CHAMPION - As a member of the 771st Field Artillery Battalion, James D. Bertolini traveled from one place to another to fill in holes on the front lines.
''We wanted to give the Germans the impression that the firing lines were strong even though at times they weren't always,'' the Champion man said.
Prior to serving in the Army, Bertolini worked at the Ohio Works of U.S. Steel as a recorder in the pipe mill. He received his draft notice in May 1943 for the Army and reported to the Erie Railroad Station in Youngstown.
Tribune Chronicle / Bob Coupland
James Bertolini of Champion looks over scrapbooks of war memorabilia he has acquired over the years. The World War II U.S. Army veteran served with the 771st Field Artillery Battalion.
"At that time, I weighed 125 pounds and thought they weren't going to let me in, but they were desperate and they took me," Bertolini said. He was 19.
After basic training in Texas, Bertolini and the rest of the 771st went to New York, where they shipped out for Germany.
"There were 550 of us on board, and we went out into the Atlantic Ocean, where we rendezvoused with the other ships. It was quite a sight to see all those tankers there together," he said.
Bertolini said the weather was so nice that the ride over seemed like a vacation cruise. There were a few enemy submarine alerts, but no ships were hit by the Germans, he said.
The group arrived in Liverpool, England, in July for more training and then were shipped across the English Channel.
"At times it seemed like the Fourth of July when the night sky was lit up by anti-aircraft firing artillery and falling from the sky. Several German shells came into the harbor but did not hit any of the ships,'' he said.
Bertolini and others provided artillery support to the 29th Infantry Division.
"We were what they called the 'Bastard Battalion' because we didn't belong to anybody," he said. "When they needed more artillery fire, they called us."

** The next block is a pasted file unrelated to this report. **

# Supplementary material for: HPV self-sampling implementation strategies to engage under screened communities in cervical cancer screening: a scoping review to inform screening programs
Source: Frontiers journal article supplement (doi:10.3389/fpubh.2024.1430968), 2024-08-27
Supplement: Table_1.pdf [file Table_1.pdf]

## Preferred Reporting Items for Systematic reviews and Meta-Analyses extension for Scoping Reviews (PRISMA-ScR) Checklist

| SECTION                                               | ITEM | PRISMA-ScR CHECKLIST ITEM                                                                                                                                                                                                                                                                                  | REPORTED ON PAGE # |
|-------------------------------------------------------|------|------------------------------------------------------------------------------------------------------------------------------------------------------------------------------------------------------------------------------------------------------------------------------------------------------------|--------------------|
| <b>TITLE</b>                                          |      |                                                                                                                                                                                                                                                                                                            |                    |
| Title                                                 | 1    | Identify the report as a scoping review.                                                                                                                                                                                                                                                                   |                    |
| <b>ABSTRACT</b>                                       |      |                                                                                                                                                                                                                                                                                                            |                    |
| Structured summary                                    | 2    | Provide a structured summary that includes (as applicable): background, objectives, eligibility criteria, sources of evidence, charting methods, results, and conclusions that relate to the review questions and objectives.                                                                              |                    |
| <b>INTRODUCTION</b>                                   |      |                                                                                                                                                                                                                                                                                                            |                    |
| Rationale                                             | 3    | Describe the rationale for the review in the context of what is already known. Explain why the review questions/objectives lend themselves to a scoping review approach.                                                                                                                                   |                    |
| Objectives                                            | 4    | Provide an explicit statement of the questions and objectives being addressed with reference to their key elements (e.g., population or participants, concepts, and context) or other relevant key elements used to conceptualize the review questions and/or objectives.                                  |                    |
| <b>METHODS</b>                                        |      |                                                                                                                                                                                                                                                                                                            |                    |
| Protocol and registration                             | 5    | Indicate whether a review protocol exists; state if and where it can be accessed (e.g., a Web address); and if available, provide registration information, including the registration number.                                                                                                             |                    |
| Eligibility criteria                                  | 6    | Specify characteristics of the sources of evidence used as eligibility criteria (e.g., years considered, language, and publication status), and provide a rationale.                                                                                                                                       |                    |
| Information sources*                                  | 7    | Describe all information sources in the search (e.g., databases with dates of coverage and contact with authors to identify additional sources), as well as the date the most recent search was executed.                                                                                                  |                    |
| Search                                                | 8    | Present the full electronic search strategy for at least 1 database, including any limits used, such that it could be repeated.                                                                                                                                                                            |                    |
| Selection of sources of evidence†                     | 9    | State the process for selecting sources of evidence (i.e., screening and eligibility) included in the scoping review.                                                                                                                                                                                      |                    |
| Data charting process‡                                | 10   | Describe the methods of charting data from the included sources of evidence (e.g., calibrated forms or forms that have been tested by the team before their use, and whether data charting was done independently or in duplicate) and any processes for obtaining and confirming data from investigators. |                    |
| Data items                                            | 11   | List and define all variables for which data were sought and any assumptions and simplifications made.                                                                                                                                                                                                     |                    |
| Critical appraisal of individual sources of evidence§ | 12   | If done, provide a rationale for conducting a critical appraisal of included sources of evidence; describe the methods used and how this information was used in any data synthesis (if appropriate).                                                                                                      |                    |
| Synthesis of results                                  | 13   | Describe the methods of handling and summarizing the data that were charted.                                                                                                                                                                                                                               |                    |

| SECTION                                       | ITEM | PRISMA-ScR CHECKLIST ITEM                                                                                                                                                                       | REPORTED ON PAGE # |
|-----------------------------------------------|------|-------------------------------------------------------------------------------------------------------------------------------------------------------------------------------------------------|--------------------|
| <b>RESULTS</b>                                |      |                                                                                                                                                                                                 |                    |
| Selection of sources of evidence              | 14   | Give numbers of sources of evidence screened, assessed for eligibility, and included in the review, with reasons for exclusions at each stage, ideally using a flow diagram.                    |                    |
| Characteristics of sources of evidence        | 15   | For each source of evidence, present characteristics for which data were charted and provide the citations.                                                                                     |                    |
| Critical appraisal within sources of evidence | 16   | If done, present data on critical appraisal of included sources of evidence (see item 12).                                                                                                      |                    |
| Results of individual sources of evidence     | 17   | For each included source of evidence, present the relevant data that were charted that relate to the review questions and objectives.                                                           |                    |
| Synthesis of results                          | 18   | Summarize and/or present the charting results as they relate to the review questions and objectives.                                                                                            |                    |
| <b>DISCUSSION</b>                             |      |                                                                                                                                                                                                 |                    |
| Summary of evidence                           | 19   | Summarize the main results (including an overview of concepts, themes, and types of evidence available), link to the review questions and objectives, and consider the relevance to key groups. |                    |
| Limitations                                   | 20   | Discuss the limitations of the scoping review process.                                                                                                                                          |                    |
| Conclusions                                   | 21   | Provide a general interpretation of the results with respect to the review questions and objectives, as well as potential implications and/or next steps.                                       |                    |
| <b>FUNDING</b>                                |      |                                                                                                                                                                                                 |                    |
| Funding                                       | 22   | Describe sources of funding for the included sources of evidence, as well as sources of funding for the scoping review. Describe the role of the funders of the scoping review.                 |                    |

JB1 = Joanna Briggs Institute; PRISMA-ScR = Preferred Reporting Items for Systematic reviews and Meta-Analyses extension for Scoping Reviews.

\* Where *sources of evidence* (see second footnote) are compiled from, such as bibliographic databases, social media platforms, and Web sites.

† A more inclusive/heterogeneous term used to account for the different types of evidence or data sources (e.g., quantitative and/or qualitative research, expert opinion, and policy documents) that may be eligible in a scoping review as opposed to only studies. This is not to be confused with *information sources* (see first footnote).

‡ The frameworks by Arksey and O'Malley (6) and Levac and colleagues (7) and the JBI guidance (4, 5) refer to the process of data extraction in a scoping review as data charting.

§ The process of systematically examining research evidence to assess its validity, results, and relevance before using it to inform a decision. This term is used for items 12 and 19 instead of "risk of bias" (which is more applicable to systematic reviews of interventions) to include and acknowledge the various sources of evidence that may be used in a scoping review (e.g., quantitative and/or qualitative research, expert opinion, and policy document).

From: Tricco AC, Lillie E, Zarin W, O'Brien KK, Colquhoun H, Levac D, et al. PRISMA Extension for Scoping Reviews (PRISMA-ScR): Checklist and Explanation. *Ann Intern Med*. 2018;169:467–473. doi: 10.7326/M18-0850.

He said the majority of artillery battalions were assigned to divisional support.
"Anytime they needed an artillery, we were assigned. One time we drove 82 miles up and down the front line," Bertolini said.
Part of that travelling included a trip to France to help liberate Paris, where they took part in a victory parade.
"At the time, we were all so tired we thought it was just another day, not realizing the historical event this would be," he said.
Bertolini was next assigned to the 9th Army and went to Schonberg, where they would face the German army.
Soon after, according to Bertolini, "all hell broke loose."
On Dec. 16, 1944, the Germans began their attack in what would later be dubbed be the Battle of the Bulge. The 106th Division took the full force of the attack because they were on the front line.
The 771st was forced to abandon their guns mired in the mud as the Germans infiltrated the American lines. Bertolini remembers seeing American bombers and fighters swarming the skies when the weather finally cleared, and his unit later received supply drops from the bombers.
He said the 106th was shattered in the initial assaults.
"The Germans were not fooled. ... Our battalion did what it could to stop the German advance, but we finally had to retreat to fields and back roads,'' he said.
Next, the unit was assigned to assist the 101st Airborne Division, which was bombing German towns.
Bertolini said because it was December, the ground was icy and snowy, which made it hard for people to move, and at one time the soldiers were overrun by the German infantry.
"The Germans came through on the main road. We tried to stop them but we couldn't," he said.
Luck was on the Americans' side, though, because the Germans were unable to advance to the bridge.
"That was where the battle started to turn the other way," he said.
From there, the 771st joined the drive through Germany. He said he remembers seeing Gen. George Patton on a bridge directing traffic as his unit crossed the Rhine River on its way to help liberate Czechoslovakia.
Bertolini was discharged in January 1946.
The return trip was nothing like when he shipped out: He was seasick for five days before arriving in Newport News, Va.
"We had a good reception when we came home. A three-piece band was playing for us, and people welcomed us home. It wasn't like when the soldiers came home from Vietnam,'' Bertolini said.
After the war, Bertolini became a truck driver. He also married, and he and his wife, Jean, had a son.